• Health Insurance
    • Health Savings Account/Dependent Savings Account
    • Retirement Savings Account
    • Life Insurance
    • Disability Insurance
  • Procure malpractice insurance
  • Look for jobs!
  • Apply for state licenses where you want to work
    • Each state needs a different CRNA license (and RN if they are not a compact state). Keep this in mind as some BONs can take 3-6 months to license a provider.
  • Have an employment attorney review your contract
  • Have your contract written to your business and deposit all earnings into your business checking
  • Keep A Schedule
  • As a W-2 employee, your taxable income and amounts taken out for taxes appeared on your W-2 form at the end of every year, without you having to calculate them. But when a firm pays more than $600 for services from an independent contractor, that income must be reported to the IRS.
    What many 1099 CRNAs don’t realize is that they must pay taxes on their income as they earn it. Paying your quarterly estimated income taxes will be a new part of running your business successfully.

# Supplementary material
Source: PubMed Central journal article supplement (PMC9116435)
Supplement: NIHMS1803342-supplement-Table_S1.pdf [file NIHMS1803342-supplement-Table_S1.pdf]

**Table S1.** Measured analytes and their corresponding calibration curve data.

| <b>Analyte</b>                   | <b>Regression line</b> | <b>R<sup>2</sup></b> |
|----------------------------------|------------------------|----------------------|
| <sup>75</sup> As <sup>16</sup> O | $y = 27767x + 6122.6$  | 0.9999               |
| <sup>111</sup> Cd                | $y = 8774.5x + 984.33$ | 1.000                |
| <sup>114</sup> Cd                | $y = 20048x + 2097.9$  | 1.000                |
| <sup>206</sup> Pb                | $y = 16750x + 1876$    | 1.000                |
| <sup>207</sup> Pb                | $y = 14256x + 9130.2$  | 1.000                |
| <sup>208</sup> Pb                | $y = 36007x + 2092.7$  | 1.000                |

It doesn’t sound so difficult—keeping track of paying estimated income tax only happens four times a year. But the reality is a late payment can result in penalties and fines from the IRS. Keeping a schedule to help you stay on top of your quarterly estimated tax payments, and paying adequately to avoid underpayment, is imperative in avoiding penalties in the future. Not to mention providing peace of mind!
  • Make sure you have a trusted team of accounting and/or financial professionals who have experience with freelance CRNAs to guide you through this process!
  • CPAs
  • Financial Planners
  • Bookkeepers
Tags :
Share This :

Leave a Reply

Your email address will not be published. Required fields are marked *